For the benefit of the uninitiated, that "ax" refers to the latest 802.11ax standard, or WiFi 6, to those who like it simple. It's vulnerable, according to Hanif, because 5G, with its network slicing appeal, will have a much bigger impact in the home and the enterprise -- traditional stamping grounds for WiFi -- than 4G has ever managed. (See Arris Gets a Fix on WiFi 6 and 802.11ax Rebranded as 'Wi-Fi 6' .)
"It was true that owners of venues wanted WiFi and didn't always like to work with operators, but that is eroding," said Hanif. "There is a danger that [cellular] dominance moves from outdoor to indoor and encroaches on WiFi strengths."
Hanif basically thinks WiFi will struggle to meet the diversity of in-building requirements a business might have in a cost-effective way. Thanks to network slicing, a cellular operator should (in theory) be able to run different types of "virtualized" network service over the same infrastructure to address all these customer needs. Operators and managed service providers (including the likes of Ericsson AB (Nasdaq: ERIC) and Nokia Corp. (NYSE: NOK)) are likely to pursue this market aggressively as a rare opportunity for cellular sales growth (upgrading 4G smartphone customers to 5G services probably won't do much for revenues). (See 5G Still More Like Rocket Fuel Than a Mission to Mars.)
WiFi doesn't vanish, in this scenario. But it does lose out. "[Cellular] might just be interworking with WiFi to manage legacy and then WiFi is just a dumb pipe," said Hanif. The convergence of underlying technologies might also accelerate its demise, as vendors come up with "system on a chip" designs to support both WiFi and cellular connectivity. "That is an area not addressed in your white paper," Hanif told the WBA.
Criticize a football club this way and you would risk a clobbering. Hanif's audience was not visibly riled, though. Even the gentleman wearing sea-life socks -- bright red crabs and yellow starfish against a turquoise background (you know who you are) -- just listened attentively. You might expect more from such an outrageous dresser.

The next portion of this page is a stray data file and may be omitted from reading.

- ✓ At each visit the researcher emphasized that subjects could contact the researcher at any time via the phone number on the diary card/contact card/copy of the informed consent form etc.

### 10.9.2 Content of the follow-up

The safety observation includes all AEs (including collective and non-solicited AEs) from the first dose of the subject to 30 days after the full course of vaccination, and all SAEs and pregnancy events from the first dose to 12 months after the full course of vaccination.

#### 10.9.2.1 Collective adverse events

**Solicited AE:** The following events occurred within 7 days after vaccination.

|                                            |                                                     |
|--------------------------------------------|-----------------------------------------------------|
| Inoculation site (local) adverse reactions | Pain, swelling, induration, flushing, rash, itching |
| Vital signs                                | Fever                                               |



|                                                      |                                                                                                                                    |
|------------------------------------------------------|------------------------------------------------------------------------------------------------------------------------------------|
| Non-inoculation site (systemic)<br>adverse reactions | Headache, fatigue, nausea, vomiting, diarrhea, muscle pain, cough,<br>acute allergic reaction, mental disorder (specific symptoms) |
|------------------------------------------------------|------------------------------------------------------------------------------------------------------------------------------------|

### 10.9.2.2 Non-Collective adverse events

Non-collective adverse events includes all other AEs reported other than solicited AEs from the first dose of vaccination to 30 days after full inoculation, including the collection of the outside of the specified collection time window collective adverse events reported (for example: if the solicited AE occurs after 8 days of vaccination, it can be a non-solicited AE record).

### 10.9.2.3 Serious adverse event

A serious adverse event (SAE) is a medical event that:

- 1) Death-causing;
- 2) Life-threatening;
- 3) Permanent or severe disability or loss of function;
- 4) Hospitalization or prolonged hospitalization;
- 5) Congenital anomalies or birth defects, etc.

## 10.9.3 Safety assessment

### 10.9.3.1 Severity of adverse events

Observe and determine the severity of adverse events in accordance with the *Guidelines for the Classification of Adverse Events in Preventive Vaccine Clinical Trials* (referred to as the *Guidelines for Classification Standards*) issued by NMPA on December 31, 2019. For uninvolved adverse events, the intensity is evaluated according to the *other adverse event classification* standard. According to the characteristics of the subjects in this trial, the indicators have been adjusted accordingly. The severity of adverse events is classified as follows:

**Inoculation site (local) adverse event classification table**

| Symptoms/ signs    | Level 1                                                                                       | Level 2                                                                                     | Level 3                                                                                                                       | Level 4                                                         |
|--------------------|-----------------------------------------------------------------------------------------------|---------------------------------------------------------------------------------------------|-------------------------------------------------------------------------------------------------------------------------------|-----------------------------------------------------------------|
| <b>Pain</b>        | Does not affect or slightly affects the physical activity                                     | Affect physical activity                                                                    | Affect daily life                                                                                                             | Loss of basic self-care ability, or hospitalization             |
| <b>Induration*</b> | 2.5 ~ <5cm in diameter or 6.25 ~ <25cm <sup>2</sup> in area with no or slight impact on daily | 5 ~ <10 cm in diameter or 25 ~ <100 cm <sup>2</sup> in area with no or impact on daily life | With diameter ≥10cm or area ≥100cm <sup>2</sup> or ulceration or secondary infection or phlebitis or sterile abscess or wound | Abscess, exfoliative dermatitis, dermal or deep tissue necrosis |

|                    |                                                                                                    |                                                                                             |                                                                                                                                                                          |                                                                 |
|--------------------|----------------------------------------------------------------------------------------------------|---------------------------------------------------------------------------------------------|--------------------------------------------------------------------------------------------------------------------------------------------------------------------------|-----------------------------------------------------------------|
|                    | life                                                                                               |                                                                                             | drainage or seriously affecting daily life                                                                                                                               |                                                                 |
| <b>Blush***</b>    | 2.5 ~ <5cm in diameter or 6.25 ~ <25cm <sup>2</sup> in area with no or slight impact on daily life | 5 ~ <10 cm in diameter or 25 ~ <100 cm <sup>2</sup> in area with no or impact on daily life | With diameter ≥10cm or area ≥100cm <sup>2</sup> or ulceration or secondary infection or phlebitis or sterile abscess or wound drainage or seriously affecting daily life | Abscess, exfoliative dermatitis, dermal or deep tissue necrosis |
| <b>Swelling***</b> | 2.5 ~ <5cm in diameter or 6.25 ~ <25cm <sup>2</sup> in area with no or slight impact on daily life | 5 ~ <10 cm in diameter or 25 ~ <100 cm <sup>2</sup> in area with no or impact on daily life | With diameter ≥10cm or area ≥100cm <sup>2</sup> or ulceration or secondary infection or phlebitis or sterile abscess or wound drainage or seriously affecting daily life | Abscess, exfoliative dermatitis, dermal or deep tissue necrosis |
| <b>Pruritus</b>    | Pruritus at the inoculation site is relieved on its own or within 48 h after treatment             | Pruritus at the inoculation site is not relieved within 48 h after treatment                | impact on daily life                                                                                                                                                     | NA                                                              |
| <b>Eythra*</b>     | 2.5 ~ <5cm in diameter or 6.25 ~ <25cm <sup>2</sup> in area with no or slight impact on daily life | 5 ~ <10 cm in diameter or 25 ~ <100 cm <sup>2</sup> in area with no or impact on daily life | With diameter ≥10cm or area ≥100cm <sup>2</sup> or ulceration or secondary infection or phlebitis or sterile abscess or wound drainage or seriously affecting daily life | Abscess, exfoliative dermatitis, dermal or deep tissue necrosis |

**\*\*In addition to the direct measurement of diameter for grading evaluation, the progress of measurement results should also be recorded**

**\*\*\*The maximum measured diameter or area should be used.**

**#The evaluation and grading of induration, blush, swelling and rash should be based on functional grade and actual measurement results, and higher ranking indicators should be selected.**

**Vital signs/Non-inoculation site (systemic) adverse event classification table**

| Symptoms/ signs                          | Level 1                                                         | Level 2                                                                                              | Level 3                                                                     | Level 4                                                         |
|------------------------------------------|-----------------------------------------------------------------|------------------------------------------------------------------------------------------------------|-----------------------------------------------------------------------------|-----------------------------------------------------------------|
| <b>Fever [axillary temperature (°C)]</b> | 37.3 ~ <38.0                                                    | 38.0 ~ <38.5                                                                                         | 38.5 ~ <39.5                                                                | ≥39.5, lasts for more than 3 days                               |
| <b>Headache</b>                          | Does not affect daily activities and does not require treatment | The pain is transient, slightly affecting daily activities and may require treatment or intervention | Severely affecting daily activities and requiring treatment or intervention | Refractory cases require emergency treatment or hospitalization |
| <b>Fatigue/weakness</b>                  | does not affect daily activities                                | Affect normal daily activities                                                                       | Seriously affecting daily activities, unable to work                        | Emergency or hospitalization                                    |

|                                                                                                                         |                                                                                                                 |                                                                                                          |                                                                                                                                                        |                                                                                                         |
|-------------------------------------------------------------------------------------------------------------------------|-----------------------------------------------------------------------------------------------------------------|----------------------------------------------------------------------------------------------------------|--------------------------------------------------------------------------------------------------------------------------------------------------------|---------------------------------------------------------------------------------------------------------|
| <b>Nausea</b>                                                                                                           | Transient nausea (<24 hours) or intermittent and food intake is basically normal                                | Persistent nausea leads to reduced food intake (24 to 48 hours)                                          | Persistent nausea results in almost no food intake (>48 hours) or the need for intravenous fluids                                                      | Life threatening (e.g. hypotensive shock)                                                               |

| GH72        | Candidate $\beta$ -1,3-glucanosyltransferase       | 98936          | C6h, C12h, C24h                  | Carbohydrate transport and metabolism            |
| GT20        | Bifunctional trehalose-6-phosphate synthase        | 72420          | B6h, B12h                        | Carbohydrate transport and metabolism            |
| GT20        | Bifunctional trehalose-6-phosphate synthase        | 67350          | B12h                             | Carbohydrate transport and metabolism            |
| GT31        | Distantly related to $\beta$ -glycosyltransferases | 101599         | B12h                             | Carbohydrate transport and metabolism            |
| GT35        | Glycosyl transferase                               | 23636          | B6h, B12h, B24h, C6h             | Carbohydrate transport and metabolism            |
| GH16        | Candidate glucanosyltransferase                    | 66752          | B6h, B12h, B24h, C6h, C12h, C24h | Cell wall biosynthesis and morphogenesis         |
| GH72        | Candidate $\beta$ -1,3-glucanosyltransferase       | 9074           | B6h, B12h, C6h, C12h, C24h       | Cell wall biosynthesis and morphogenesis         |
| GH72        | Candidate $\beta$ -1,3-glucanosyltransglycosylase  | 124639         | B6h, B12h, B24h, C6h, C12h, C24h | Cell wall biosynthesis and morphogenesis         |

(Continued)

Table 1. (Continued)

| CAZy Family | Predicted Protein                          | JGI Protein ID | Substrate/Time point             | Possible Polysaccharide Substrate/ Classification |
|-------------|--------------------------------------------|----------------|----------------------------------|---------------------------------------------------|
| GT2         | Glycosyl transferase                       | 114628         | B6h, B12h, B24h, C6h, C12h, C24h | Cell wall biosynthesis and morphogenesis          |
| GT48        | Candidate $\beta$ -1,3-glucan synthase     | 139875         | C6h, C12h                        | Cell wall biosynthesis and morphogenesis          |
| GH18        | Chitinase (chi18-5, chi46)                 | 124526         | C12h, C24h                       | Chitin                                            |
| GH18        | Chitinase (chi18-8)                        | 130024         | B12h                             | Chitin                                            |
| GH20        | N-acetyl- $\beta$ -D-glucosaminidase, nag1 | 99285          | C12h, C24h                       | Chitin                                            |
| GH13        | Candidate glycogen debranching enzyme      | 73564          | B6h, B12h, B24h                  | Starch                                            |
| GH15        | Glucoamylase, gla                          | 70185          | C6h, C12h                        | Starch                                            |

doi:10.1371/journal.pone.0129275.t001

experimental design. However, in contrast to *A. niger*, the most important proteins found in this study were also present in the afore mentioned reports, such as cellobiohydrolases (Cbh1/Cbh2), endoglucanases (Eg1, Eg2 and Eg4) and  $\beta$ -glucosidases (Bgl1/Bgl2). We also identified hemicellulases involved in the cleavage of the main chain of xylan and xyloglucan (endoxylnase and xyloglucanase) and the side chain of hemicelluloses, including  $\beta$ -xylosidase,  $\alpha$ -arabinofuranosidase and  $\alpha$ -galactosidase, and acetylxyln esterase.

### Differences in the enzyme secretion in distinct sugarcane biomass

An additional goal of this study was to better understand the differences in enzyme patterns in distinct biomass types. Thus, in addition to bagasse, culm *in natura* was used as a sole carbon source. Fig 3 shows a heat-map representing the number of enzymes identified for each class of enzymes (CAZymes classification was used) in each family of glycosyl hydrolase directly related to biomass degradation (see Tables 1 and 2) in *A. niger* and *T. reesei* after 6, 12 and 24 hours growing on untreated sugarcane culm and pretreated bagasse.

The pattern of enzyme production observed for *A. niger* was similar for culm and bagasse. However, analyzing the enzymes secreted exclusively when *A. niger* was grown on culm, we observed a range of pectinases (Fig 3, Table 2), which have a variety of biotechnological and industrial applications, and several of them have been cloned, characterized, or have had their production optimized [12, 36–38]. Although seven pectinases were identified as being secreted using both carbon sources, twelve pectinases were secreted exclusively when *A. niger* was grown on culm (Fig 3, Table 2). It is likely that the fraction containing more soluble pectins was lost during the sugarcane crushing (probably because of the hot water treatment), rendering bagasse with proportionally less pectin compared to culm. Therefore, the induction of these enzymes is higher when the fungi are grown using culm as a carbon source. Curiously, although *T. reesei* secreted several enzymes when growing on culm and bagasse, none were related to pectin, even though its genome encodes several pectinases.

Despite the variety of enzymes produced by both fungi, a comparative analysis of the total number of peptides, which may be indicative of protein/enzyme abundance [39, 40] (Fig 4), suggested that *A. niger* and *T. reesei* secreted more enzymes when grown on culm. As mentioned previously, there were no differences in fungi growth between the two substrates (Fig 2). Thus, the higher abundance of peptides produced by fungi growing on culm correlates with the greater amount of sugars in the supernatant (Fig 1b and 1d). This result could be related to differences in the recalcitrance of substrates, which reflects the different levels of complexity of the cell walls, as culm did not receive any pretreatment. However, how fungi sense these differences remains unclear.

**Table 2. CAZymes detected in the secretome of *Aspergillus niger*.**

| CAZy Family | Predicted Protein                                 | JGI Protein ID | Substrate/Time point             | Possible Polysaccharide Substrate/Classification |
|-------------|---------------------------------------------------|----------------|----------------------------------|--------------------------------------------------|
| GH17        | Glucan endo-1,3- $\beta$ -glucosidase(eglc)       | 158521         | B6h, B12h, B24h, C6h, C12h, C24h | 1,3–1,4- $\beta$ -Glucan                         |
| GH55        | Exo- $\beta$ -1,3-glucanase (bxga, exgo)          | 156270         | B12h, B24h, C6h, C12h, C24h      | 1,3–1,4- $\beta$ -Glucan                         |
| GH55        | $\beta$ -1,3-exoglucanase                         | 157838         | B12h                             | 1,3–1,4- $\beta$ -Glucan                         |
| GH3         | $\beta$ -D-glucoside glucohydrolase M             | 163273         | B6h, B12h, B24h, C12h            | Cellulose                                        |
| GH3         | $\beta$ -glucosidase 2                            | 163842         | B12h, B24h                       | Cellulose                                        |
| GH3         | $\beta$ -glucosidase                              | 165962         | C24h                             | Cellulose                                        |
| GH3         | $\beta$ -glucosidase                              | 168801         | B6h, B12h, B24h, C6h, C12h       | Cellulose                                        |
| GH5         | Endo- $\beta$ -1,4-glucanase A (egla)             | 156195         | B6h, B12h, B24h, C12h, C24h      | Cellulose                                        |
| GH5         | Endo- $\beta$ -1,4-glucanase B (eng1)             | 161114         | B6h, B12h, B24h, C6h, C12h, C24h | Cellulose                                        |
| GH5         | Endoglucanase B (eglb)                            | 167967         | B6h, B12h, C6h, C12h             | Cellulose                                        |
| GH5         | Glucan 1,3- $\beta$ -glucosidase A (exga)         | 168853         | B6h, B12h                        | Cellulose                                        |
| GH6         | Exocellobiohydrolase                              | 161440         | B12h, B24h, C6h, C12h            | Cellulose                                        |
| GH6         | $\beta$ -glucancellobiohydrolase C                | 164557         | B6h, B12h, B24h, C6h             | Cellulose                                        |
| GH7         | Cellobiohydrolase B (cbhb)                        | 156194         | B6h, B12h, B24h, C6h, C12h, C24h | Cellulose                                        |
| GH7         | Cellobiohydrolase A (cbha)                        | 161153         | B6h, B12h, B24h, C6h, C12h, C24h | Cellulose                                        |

But the WiFi industry seems to be in confident spirits. "The WBA believes that the prominence of the next generation of WiFi technology, WiFi 6, will not be affected by 5G," says the WBA in a press release accompanying its latest report. With about 9 billion WiFi devices now in global circulation, the WBA can probably afford to be sanguine.
And operators themselves are far less religious about the whole issue. After all, if WiFi were not there to share the load, traffic congestion on mobile data networks would be a much bigger problem. Indeed, for many service providers, the real concern is not whether 5G beats WiFi, but ensuring the two can play together nicely.
"When users are switching to free WiFi, you lose the link between the operator and the customer," says Cedric Gonin, a senior marketing director for international mobile services at Orange. The Passpoint system that Gonin has helped develop is partly about maintaining this link in a seamless fashion. Orange (NYSE: FTE) is currently working with airlines to ensure Passpoint is available in planes offering WiFi connectivity to passengers.
So WiFi versus 5G seems likelier to be a friendly contest than a fight to the death -- a soccer match where the players can still shake hands and exchange shirts when the final whistle blows. Provided Hanif isn't there stirring things up.
— Iain Morris, International Editor, Light Reading